We need to fix the root cause. Picking up on the points I mentioned above, we often complicate things because we engage in nerdy conversations and exciting new tech. However, the end user is not interested in what’s under the hood but in how he can use it.
One step in solving this problem is a learn-and-reward structure. Just as an example. Imagine if your end-user has issues in understanding how to pay an invoice with the app. Instead of referring them to a blog post or support page, we could build an interactive tutorial.
One where you could watch videos in a specific order, fill out a questionnaire, and for every correct answer, you get rewarded. Either with rewards for using the platform or some form of cash back. This incentivizes the user to learn and not just answer questions to get a reward. You would obviously build the tutorial to be bullet and cheat-proof.
The secondary option is one with which we geeks might have more fun. Users like to use the same services. Just look at SSOs like Google, Amazon, or Facebook. They’re more likely to sign up for a service if they can use the same account for everything. The same can be achieved in the background for all of their financial services. Or at least we can build different containers for different services.
This is where the interoperability between systems comes into play. So many fintechs, on- and off-ramps or service providers use different backends. Which is the main reason users often can’t connect their favorite services with each other. There are attempts like Open Banking to unite these providers, but it’s still in its early days.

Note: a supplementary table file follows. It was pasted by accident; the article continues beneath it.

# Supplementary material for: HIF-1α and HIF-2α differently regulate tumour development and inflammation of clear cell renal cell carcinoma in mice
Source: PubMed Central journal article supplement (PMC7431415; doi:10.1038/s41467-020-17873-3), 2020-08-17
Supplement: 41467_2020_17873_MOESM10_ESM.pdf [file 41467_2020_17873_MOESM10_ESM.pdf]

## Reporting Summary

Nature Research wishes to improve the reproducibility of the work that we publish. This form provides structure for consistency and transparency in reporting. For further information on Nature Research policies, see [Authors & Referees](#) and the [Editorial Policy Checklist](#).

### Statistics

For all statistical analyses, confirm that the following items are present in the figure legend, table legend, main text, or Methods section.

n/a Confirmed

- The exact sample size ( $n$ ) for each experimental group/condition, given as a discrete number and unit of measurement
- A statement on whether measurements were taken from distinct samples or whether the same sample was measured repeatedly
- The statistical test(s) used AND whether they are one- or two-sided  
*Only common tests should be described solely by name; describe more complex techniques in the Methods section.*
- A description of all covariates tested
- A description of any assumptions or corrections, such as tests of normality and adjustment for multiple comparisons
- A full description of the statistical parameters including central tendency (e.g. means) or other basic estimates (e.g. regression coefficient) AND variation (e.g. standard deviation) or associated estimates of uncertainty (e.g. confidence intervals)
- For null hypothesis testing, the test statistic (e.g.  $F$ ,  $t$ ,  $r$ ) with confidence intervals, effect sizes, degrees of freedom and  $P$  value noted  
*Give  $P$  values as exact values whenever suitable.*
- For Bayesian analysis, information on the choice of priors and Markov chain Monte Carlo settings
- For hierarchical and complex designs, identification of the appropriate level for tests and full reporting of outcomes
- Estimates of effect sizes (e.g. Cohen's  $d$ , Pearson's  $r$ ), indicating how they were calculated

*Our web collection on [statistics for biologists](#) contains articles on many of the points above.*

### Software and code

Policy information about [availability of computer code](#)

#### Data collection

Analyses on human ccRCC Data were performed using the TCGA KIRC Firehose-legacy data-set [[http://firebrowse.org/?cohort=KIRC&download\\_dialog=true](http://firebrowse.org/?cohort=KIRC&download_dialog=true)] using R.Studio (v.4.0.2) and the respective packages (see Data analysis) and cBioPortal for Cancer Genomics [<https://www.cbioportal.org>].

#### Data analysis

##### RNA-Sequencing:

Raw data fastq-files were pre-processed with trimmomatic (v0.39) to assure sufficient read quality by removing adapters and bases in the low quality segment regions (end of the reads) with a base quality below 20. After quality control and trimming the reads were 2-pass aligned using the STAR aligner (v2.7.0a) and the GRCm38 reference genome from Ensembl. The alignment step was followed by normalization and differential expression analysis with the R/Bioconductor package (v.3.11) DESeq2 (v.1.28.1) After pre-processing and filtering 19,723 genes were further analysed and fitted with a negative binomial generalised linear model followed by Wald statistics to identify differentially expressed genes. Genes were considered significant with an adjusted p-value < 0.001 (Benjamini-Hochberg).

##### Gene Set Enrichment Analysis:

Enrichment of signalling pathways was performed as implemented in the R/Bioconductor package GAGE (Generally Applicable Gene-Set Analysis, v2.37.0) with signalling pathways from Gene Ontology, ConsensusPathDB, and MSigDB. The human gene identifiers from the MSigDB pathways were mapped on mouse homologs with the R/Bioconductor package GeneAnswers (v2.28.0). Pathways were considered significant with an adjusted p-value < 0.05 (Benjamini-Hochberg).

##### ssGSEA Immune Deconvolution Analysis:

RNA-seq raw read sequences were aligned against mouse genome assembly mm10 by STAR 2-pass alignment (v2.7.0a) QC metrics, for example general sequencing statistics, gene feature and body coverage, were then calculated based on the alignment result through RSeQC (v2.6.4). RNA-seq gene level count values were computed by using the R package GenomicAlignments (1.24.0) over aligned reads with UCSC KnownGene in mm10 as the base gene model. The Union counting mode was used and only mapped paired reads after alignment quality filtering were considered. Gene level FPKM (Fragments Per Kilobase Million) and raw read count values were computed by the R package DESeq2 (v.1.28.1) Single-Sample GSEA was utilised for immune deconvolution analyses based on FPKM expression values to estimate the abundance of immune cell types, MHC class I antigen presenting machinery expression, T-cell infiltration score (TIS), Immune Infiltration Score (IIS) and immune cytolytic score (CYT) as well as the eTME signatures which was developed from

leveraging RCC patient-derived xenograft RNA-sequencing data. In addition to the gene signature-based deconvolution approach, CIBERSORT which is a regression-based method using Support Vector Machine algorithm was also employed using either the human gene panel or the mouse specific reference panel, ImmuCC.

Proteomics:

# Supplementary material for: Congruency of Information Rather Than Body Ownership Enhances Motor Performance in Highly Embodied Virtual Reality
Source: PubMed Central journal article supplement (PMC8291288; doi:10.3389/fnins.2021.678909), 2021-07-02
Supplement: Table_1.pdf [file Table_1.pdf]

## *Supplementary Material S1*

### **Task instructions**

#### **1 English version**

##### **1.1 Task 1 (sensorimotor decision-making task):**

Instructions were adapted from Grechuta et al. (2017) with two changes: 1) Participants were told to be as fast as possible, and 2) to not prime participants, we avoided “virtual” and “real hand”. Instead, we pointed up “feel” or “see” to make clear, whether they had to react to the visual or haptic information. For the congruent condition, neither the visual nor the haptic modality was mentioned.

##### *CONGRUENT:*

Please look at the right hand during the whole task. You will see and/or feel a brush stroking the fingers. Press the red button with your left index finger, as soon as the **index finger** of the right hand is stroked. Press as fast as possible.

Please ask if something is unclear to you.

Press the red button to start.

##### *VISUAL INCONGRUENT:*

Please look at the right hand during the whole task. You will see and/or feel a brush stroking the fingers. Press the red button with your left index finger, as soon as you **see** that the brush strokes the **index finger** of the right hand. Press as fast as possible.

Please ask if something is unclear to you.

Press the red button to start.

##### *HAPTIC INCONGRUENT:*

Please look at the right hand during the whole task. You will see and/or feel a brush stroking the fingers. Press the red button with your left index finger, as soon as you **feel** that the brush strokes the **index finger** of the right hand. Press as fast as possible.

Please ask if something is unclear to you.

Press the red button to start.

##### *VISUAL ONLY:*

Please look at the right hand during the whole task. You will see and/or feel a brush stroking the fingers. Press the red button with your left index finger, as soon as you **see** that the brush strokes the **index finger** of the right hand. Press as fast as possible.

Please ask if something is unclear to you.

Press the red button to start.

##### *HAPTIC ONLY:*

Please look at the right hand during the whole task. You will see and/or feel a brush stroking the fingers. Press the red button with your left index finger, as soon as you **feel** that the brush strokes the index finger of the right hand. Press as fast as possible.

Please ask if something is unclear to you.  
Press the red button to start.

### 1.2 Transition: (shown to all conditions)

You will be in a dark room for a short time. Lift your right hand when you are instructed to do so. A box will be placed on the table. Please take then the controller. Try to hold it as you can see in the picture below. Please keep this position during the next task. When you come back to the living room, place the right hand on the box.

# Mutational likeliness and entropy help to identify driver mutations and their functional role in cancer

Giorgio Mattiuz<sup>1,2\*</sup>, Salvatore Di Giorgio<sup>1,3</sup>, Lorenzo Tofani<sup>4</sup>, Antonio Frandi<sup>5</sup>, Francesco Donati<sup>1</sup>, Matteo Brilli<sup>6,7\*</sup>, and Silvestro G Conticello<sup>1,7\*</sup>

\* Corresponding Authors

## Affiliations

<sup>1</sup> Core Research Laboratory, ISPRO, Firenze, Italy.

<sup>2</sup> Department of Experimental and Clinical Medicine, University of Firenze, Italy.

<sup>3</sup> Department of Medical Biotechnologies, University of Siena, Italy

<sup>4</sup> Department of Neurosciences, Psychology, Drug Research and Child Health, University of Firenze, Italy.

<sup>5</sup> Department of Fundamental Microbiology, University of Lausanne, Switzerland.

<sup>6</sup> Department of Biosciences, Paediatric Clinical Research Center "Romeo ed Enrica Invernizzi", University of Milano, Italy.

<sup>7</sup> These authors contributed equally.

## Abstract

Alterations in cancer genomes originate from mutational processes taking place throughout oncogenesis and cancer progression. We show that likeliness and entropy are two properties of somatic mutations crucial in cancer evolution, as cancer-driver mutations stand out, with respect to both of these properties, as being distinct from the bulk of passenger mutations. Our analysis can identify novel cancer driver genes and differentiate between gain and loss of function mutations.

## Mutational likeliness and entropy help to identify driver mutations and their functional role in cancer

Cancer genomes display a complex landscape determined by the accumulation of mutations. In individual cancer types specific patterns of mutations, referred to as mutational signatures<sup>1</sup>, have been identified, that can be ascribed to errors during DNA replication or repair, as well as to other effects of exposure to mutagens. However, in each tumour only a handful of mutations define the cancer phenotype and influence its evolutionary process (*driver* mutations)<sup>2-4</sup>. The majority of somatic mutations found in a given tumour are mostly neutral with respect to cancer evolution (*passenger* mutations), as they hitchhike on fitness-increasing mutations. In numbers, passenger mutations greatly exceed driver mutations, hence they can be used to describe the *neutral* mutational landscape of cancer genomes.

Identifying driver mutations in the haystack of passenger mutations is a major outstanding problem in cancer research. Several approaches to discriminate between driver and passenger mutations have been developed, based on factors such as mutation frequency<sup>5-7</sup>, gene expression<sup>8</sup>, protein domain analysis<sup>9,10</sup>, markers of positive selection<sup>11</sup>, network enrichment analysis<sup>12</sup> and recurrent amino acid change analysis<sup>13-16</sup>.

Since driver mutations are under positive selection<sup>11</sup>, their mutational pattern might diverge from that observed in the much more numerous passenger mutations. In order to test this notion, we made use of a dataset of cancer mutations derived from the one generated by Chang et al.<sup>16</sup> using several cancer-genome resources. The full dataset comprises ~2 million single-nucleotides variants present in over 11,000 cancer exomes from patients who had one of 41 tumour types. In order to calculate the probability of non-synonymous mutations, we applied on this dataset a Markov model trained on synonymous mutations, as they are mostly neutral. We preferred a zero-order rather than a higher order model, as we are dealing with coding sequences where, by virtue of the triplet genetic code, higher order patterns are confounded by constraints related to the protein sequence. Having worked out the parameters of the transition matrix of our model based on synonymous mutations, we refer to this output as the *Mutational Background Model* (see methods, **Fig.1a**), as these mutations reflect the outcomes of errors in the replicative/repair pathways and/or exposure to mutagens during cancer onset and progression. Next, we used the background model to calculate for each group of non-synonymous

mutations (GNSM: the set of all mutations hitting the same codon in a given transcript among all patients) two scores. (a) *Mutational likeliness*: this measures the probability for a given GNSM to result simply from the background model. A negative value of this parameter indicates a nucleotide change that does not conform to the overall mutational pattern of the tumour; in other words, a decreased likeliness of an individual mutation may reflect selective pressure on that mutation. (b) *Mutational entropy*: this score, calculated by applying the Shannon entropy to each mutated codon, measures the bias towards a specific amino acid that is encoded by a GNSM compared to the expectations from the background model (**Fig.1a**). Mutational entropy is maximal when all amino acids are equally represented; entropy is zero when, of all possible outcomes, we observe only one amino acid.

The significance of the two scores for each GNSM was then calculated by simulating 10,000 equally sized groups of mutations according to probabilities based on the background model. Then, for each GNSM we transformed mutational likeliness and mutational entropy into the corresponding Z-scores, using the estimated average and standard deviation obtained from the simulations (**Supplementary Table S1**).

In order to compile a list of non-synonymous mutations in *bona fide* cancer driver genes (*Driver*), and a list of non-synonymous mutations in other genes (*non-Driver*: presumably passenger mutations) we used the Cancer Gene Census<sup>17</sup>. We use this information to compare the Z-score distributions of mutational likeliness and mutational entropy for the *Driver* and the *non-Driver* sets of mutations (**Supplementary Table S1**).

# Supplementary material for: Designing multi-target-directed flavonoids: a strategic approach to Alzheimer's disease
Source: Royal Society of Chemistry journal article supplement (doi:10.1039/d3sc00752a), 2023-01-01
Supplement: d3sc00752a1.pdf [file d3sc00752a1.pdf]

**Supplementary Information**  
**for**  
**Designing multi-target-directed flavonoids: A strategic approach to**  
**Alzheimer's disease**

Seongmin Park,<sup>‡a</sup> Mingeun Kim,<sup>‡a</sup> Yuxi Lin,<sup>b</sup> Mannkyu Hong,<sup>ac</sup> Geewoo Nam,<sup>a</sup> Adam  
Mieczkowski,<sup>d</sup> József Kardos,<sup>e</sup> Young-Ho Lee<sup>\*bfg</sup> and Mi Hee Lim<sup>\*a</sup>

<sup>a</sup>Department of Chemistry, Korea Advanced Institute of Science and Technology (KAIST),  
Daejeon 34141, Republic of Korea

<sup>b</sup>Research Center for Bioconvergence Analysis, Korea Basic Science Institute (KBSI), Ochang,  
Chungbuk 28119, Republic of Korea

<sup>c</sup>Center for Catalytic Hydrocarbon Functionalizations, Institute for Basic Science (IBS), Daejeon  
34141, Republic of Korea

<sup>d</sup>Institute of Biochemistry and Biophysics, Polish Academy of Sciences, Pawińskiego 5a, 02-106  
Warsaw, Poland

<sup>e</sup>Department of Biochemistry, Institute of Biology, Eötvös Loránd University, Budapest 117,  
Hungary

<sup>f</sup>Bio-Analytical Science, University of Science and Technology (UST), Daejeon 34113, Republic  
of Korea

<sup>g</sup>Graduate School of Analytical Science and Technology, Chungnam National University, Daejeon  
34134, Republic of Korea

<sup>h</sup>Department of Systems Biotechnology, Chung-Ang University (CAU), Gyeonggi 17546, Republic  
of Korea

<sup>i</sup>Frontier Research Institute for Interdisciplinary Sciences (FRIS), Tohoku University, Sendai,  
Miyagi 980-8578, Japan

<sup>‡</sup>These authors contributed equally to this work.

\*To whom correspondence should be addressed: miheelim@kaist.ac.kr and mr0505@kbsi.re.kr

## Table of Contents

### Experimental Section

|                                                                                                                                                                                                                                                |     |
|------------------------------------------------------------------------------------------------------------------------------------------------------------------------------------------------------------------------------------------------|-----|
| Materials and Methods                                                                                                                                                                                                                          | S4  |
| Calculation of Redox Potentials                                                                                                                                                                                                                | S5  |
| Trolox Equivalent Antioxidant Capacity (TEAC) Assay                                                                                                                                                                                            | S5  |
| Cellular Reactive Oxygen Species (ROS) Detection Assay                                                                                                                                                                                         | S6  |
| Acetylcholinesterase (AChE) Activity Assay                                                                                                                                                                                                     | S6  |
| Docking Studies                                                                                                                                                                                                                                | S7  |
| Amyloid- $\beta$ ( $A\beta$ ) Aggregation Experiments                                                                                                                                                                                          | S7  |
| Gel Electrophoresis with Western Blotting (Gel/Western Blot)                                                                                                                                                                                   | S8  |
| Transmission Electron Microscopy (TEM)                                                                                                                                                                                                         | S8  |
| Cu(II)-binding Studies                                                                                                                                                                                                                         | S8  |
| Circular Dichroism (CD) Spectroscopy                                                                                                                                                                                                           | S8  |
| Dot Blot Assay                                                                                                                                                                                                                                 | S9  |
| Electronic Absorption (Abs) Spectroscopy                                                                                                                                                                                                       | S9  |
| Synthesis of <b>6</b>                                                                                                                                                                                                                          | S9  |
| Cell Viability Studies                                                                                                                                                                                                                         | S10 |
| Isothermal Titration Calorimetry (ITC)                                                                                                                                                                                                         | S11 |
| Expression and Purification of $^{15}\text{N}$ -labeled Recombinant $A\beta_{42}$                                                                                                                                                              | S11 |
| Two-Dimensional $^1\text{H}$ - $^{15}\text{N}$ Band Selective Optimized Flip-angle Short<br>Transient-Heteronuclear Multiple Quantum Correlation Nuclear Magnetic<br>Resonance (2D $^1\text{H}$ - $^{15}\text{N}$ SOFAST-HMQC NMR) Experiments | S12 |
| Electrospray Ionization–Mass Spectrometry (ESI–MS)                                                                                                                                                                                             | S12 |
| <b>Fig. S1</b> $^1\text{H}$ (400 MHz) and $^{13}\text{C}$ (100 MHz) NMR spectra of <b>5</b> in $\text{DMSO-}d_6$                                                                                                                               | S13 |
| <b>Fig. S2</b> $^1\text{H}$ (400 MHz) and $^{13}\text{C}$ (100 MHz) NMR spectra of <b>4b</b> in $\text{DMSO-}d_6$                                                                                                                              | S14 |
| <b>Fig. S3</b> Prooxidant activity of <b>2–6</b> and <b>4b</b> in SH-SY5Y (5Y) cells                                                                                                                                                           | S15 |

Is decentralization the future of finance?
More and more users lose trust in the traditional financial system because it lacks innovation and transparency. Fintech emerged from this, but it’s still bound to the old system. Frustrated users start to look elsewhere and find one interesting technology: Decentralized Protocols.
These are the backbone of innovations like Bitcoin. They allow to build off a base layer and expand on top of that. Whether that be with new currencies, own solutions, or the existing financial rails. For the user, everything would stay the same. The institution would have more abilities to work with. From that point forward, all service providers could use the same tech stack and, further on, allow direct integration from smaller service providers. The beauty of it all is, if the institution wants to use Bitcoin, they can. If they want to use Ethereum, they can. If they want to build their own infrastructure, guess what; they can!
This would be a net benefit for the user, as their service would still function the same, possibly a bit faster, as it would not be the same tech stack. The real innovation would be between institutions. Suddenly everyone would have the same possibilities, emerging technologies would be integrated much faster, and the distrust between different camps would vanish. There might still be some differences between some protocols. However, each would have its dedicated space and be able to build better finance solutions for specific use cases.
What’s holding us back?!
Obviously, we’re not getting there overnight. It takes years to educate all of the players themselves as well. Just because everyone works in or with financial rails doesn’t mean they understand or like each other.
However, if we manage to build relationships together and improve the lives of everyday users, we might be able to build products they want to use every day.